Do you remember playing "20 Questions"? Here are the answers to 20 questions about required minimum distributions (RMDs). Most of this information comes from the frequently asked questions section of the IRS website.
Q1. What is an RMD?
A. This is the amount you're required to withdraw from your 401(k) plans, other employer-sponsored retirement plans, and IRAs.
Q2. Which plans do the RMD rules apply to?
A. The rules cover all employer-sponsored retirement plans, including pension and profit-sharing plans, 401(k)s, 403(b) plans for nonprofits, and 457(b) plans for government entities, plus traditional IRAs and IRA-based plans such as SEPs, SARSEPs, and SIMPLE-IRAs.
Q3. When do I have to begin taking RMDs?
A. The required beginning date (RBD) is April 1 of the year after the year in which you turn age 70½. For example, if your 70th birthday was January 1, 2016, you must begin taking RMDs no later than April 1, 2017.
Q4. When do I have to take RMDs in future years?
A. The deadline is December 31 of the year for which the RMD applies. Thus, if you turn 70½ in 2016, you must take the RMD for the 2017 tax year by December 31, 2017.
Q5. How do you figure out the RMD amount?
A. Divide the balances in your plans and IRAs on December 31 of the prior year by the factor in the appropriate IRS life expectancy table.
Q6. Can I withdraw more than the required amount?
A. You can withdraw as much as you like; RMDs are the least you are allowed to take.
Q7. If I take more than the RMD this year can I withdraw less in a future year?
A. No. Each RMD is calculated based on the account balance and life expectancy factor for that particular year.
Q8. Do I have to take RMDs from all of my retirement plans?
A. Although you must calculate the RMD separately for each IRA you own, you can withdraw the total amount from just one IRA or any combination of IRAs that you choose. However, for employer-sponsored plans other than a 403(b), the RMD must be taken separately from each plan account.
Q9. What happens if I fail to take an RMD?
A. The IRS imposes a penalty equal to 50% of the amount that should have been withdrawn (reduced by any amount actually withdrawn).
Q10. How are RMDs taxed?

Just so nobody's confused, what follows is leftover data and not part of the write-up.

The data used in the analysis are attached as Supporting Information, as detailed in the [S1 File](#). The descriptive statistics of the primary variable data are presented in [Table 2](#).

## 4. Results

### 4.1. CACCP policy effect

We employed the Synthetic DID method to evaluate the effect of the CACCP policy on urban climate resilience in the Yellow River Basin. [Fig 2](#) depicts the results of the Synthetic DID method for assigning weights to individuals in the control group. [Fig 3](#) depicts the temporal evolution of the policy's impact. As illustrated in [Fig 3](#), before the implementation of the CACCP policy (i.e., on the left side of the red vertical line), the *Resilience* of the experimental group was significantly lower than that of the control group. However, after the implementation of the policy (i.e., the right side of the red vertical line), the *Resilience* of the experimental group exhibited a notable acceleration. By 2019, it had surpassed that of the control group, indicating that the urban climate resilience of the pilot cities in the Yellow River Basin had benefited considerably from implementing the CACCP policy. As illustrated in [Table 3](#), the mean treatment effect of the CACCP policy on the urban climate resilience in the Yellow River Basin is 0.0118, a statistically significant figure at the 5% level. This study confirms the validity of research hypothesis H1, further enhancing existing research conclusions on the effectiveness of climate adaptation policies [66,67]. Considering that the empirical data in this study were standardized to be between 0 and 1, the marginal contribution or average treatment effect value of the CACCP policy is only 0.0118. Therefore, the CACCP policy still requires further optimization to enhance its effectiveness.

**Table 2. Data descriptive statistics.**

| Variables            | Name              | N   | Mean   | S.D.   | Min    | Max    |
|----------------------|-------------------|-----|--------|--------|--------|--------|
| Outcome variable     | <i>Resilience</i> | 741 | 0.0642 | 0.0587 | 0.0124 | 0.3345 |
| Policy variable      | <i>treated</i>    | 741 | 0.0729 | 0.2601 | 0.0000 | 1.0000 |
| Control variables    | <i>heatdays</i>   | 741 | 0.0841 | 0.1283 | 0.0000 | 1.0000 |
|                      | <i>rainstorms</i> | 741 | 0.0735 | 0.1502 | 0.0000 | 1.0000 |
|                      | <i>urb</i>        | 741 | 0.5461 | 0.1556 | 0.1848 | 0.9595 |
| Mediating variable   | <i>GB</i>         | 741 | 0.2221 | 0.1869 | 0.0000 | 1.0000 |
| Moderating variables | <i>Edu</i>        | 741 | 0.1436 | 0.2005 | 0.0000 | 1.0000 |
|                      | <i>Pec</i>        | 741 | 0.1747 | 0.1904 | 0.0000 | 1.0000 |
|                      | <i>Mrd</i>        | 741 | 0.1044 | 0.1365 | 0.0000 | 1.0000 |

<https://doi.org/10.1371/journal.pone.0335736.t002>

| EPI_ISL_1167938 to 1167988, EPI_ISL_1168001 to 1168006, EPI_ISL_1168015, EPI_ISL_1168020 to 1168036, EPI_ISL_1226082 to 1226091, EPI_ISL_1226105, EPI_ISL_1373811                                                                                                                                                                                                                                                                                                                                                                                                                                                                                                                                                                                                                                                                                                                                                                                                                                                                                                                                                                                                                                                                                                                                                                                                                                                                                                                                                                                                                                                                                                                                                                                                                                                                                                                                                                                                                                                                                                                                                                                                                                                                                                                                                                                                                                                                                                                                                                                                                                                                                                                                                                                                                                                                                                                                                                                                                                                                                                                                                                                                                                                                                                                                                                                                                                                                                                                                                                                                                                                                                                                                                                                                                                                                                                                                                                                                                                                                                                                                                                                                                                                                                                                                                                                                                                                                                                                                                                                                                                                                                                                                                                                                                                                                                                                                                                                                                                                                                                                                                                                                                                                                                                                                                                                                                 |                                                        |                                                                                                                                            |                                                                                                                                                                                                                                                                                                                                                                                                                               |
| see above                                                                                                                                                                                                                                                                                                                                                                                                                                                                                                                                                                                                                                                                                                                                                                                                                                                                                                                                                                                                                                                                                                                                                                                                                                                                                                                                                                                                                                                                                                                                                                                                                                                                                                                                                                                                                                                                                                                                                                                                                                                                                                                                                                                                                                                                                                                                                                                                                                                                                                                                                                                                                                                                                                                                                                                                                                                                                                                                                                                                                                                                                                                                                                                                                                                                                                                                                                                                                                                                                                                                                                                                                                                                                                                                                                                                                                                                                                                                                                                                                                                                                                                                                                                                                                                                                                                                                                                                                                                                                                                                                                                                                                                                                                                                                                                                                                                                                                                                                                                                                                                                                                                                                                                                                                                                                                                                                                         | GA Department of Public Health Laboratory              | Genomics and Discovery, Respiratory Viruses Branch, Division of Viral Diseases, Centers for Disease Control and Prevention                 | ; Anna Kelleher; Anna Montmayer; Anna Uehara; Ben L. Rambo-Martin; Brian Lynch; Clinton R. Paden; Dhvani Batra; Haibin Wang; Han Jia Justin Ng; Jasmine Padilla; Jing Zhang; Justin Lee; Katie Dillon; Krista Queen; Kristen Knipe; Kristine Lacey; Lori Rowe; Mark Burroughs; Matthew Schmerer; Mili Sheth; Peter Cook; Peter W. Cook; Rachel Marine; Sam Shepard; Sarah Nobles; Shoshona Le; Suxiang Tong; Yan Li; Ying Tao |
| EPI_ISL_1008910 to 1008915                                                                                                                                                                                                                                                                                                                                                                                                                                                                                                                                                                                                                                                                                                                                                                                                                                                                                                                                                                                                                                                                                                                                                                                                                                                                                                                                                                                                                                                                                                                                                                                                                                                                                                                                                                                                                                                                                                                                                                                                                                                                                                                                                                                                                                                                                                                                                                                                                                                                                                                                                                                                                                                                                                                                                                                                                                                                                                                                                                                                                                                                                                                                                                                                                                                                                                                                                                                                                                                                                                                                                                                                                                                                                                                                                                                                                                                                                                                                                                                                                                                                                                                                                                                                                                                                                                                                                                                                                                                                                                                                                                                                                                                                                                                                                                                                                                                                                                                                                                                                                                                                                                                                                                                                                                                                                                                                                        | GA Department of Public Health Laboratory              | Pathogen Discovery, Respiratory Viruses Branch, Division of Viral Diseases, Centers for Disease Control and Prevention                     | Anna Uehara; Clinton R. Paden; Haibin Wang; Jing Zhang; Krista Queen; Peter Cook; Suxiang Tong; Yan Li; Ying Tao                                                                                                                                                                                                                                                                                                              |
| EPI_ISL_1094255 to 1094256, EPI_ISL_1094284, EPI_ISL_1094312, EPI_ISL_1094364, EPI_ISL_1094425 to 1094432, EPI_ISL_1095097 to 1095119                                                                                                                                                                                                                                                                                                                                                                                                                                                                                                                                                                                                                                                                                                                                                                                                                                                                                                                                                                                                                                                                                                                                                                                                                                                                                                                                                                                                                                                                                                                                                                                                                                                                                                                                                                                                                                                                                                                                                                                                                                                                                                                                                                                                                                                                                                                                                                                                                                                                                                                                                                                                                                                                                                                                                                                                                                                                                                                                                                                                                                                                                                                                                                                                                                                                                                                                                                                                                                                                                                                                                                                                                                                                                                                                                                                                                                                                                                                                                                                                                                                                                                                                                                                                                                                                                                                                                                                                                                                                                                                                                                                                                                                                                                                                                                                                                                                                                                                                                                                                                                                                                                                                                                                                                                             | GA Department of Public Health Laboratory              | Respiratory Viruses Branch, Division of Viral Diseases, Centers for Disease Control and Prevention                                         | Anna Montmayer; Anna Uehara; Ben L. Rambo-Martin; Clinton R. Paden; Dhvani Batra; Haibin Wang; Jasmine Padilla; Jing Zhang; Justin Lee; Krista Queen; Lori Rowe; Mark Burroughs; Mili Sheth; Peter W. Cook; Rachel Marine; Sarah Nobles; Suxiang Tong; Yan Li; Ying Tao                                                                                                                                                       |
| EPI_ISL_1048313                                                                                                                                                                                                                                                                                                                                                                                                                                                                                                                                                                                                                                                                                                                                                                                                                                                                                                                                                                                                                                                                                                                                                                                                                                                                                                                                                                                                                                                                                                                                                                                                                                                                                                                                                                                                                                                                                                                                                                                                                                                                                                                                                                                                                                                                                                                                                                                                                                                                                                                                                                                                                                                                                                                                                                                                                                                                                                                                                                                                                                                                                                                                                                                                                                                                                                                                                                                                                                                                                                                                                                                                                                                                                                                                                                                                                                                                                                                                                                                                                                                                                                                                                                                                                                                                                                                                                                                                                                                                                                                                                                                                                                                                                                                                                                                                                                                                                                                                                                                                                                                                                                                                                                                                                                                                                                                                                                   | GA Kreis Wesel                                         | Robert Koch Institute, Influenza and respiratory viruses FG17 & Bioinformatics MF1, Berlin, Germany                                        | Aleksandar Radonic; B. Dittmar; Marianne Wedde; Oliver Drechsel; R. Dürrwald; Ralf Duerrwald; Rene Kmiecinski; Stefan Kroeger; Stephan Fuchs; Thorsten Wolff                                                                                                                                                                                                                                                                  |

A. Generally, the entire amount of an RMD is taxable at ordinary income rates. The exception is for amounts attributable to non-deductible contributions to an IRA.
Q11. Are there any exceptions to the RMD penalty?
A. The penalty may be waived if you can show that the shortfall was due to reasonable error and you now have withdrawn the required amount.
Q12. Is an RMD subject to the net investment income (NII) surtax?
A. Distributions from retirement plans don't count as NII. However, RMDs will increase your modified adjusted gross income (MAGI), and a higher MAGI could make you subject to the tax.
Q13. Can I still contribute to my plans if I'm taking RMDs?
A. Yes. If you're still working and participating in a plan, you may qualify to continue your contributions.
Q14. Do I have to take an RMD if I'm still working?
A. Generally, you have to take RMDs from all employer-sponsored plans and IRAs. However, you don't have to withdraw an RMD from non-IRAs if you still work full-time and don't own 5% or more of the business.
Q15. Can an RMD be rolled into an IRA or other plan?
A. Absolutely not. Rollovers are prohibited.
Q16. Can an RMD be donated to charity?
A. Yes. Under a recent tax law extension, if you're 70½ or older you can transfer an RMD of up to $100,000 directly from an IRA to a charity without paying tax on the distribution.
Q17. What happens if I die before my required beginning date?
A. No distribution is required for the year of death. For subsequent years, RMDs must be taken from inherited accounts. A spousal beneficiary has greater flexibility than non-spouses, including being able to treat the account as his or her own.
Q18. What happens if I die after my RBD?
A. The beneficiaries of the accounts must continue to take RMDs under complex rules. Again, spousal beneficiaries have greater flexibility than other heirs.
Q19. Do the RMD rules apply to Roth IRAs?
A. No. You don't have to take RMDs from a Roth IRA during your lifetime. After your death, however, your heirs must take lifetime RMDs from the Roth.
Q20. When should I arrange my RMD?
A. The sooner, the better. Don't wait to get caught in a year-end crush. We can help with the particulars.